patsy56

Registered User
Jan 14, 2015
839
Fife Scotland
hi just putting my two tuppence in here, yes it seems to be that (I am sure I read it on some thread here) that the taste of sweetness was the last taste sense to go and since , in my mother words, everything is bland and tasteless, the only thing she likes now are "Krispy Creme Donuts" and iced Maidera in fact yesterday yes I saw she had put Mr Kipling cakes in her trolley and she will kill for custard.
 

Sue J

Registered User
Dec 9, 2009
8,035
A care worker in one of the care homes I visited last summer in the vain hope of getting my mother into one explained the sweet tooth thing to me and it's as Pear Trees explained it's to do with losing taste sensations. Apparently in all of us the last taste to go is sweet and so that's what's most pleasing for someone very aged, with dementia or not. She recommended adding a spoon of honey into the Horlicks.
So my mum who never ate cakes or put sugar in her tea is now really subsisting on sugar and gin.
My son and joke that the St Bernard we send to find her (should she ever disappear up a mountain) best have a pre-mixed gin & Ribena, two digestive biscuits and a banana in his little barrel, else my Ma's not coming back with him!:)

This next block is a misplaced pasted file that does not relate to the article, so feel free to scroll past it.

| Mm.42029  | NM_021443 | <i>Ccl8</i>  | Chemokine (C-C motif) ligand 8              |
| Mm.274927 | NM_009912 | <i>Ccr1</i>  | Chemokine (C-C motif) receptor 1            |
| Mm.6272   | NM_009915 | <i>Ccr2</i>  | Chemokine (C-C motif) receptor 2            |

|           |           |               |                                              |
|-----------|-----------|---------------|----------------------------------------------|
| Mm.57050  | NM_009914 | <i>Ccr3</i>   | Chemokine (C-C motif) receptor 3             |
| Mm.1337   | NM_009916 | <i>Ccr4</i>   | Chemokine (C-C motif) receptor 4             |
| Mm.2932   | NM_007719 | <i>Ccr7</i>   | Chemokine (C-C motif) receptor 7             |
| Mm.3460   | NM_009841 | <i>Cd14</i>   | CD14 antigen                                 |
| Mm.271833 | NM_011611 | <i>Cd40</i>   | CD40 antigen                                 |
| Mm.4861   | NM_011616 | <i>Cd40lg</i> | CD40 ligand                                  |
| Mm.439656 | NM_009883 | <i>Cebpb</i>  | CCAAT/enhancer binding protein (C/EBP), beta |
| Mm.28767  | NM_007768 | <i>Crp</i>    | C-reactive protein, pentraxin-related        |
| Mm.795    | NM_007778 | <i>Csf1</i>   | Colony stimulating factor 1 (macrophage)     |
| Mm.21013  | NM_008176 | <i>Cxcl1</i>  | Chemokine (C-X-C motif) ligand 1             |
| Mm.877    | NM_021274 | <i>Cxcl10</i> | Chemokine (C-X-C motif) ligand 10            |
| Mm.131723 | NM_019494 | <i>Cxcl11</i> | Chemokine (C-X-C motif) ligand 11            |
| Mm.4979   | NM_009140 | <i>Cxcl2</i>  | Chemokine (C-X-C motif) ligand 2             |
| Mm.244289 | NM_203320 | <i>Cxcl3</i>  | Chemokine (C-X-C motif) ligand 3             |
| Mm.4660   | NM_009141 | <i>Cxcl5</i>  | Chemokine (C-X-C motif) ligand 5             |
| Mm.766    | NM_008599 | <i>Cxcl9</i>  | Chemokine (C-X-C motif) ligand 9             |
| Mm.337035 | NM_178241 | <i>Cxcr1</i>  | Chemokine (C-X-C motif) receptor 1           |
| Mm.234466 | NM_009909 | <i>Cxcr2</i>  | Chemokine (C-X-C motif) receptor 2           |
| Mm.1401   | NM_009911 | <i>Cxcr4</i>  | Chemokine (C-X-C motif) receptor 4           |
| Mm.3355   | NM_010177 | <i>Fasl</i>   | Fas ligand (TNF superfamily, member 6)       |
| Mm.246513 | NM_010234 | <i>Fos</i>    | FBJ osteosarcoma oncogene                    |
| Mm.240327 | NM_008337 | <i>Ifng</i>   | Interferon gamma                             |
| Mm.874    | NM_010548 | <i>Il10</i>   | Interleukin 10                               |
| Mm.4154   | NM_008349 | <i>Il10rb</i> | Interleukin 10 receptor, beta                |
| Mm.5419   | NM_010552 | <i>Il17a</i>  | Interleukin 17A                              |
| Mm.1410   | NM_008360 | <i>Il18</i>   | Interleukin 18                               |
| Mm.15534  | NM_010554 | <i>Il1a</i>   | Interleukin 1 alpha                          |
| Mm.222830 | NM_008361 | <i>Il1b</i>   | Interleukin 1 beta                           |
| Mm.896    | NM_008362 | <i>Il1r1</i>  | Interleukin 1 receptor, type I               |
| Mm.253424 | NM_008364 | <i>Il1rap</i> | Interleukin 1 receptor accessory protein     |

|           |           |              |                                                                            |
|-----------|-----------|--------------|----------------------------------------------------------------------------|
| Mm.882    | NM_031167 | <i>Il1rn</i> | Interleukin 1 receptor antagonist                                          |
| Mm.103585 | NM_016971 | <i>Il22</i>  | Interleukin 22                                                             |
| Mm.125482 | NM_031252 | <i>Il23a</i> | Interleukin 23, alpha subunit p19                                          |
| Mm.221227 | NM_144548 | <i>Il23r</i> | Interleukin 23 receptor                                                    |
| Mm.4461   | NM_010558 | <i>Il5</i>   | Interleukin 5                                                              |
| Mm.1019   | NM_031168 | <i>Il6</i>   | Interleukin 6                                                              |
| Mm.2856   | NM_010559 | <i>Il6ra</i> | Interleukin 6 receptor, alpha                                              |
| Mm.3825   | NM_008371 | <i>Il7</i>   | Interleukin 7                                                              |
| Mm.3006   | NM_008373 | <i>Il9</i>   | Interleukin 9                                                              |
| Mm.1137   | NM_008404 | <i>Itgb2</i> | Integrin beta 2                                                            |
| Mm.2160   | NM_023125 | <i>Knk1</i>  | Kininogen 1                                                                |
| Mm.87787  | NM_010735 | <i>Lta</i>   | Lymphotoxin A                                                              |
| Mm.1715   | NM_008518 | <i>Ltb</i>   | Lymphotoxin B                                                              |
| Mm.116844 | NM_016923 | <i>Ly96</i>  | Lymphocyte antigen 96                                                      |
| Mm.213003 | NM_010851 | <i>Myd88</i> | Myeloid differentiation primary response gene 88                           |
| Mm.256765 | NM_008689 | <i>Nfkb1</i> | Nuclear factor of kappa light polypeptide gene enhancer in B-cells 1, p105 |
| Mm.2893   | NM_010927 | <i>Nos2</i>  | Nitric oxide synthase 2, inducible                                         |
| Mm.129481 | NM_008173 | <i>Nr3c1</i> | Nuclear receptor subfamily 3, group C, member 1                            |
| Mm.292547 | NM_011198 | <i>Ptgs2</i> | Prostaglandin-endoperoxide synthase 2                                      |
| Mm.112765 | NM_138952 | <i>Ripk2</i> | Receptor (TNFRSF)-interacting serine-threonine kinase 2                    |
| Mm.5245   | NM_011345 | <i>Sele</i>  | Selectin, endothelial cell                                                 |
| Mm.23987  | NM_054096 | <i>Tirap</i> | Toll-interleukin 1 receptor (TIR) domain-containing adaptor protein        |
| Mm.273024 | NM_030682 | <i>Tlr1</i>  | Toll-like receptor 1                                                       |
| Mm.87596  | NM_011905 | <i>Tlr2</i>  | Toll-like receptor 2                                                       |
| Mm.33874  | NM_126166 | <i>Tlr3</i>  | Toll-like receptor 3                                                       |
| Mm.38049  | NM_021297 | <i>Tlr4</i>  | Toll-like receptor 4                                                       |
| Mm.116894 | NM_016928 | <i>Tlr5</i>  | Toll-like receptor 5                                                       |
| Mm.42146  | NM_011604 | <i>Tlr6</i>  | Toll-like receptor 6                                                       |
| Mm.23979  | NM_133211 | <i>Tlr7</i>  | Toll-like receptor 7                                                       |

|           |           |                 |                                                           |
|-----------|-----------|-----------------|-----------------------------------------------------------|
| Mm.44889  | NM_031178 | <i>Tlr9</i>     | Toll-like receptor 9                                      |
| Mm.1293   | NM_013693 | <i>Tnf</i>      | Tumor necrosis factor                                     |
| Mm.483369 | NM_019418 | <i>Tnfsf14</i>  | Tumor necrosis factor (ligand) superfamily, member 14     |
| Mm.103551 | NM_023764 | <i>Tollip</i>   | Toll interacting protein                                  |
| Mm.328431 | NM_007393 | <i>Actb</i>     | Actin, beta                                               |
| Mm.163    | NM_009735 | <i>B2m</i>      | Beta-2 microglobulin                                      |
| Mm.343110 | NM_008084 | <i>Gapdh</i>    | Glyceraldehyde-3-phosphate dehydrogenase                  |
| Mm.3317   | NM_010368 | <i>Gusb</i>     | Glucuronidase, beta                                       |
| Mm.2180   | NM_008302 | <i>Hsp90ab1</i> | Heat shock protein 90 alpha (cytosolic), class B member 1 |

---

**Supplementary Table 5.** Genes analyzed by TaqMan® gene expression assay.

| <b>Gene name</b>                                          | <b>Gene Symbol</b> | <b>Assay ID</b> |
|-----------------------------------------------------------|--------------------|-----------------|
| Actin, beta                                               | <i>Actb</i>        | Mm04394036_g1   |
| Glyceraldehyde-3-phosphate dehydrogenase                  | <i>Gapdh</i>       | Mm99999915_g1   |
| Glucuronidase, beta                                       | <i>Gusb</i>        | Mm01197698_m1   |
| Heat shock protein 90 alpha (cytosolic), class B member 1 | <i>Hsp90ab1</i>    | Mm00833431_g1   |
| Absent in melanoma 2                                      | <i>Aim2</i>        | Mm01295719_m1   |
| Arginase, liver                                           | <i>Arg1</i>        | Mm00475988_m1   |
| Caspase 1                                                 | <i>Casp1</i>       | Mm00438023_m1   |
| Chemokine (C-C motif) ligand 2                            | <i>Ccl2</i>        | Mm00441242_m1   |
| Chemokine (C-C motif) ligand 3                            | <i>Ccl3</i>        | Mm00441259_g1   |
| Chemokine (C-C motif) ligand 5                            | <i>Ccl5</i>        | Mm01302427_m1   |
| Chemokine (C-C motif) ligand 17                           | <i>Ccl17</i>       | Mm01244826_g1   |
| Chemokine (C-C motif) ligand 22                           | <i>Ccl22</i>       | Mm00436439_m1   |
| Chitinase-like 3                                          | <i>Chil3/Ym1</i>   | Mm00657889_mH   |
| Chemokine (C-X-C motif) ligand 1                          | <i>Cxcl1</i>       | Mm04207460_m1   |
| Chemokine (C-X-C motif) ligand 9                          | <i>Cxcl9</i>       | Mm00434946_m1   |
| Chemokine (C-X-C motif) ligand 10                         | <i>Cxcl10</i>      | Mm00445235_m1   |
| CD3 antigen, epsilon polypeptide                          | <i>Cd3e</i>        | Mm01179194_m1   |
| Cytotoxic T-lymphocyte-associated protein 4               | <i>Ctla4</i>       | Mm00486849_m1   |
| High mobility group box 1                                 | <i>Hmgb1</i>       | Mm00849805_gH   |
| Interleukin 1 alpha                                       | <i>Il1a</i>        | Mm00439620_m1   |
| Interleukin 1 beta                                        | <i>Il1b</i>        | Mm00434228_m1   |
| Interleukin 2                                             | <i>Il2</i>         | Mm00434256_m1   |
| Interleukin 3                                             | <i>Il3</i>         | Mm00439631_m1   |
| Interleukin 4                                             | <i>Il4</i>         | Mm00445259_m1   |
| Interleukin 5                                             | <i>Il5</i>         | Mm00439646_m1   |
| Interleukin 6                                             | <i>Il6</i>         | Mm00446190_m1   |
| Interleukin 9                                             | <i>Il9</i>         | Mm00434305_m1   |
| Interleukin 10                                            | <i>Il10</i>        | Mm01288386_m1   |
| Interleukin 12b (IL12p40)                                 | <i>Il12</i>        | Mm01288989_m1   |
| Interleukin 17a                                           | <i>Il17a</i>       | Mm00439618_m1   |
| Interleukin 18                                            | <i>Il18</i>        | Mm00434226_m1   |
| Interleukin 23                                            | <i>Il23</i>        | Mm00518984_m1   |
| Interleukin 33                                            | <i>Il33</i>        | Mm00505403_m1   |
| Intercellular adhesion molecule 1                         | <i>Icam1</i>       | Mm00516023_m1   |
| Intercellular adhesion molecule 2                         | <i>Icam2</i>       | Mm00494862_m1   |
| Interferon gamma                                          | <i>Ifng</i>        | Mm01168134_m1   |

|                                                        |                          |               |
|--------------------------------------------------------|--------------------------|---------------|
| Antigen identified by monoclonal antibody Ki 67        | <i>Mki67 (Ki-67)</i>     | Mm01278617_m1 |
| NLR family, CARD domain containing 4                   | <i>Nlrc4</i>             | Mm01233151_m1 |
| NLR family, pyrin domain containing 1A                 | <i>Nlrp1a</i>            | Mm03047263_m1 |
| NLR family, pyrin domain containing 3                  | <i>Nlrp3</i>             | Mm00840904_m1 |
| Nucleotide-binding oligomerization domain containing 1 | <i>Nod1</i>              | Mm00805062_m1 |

:D
In my experience its not only to do with losing taste sensations but more to do with the loss of thinking ability and cognition and trying to relieve it by getting energy to the brain cells. Pre symptoms, I assume just like anyone else if I was hungry and nowhere near a meal I would grab a biscuit bar or something to boost my energy and would soon function better, but did eat a fairly balanced diet. Despite my symptoms I try and keep my sugar intake down, but is very difficult. I try and eat more protein to sustain my body's needs and can eat like a horse! GI loaf find sweet and filling and nutritious from the store owned by one of the Germany brothers begins with L;) Bananas vital to keep in stock.:)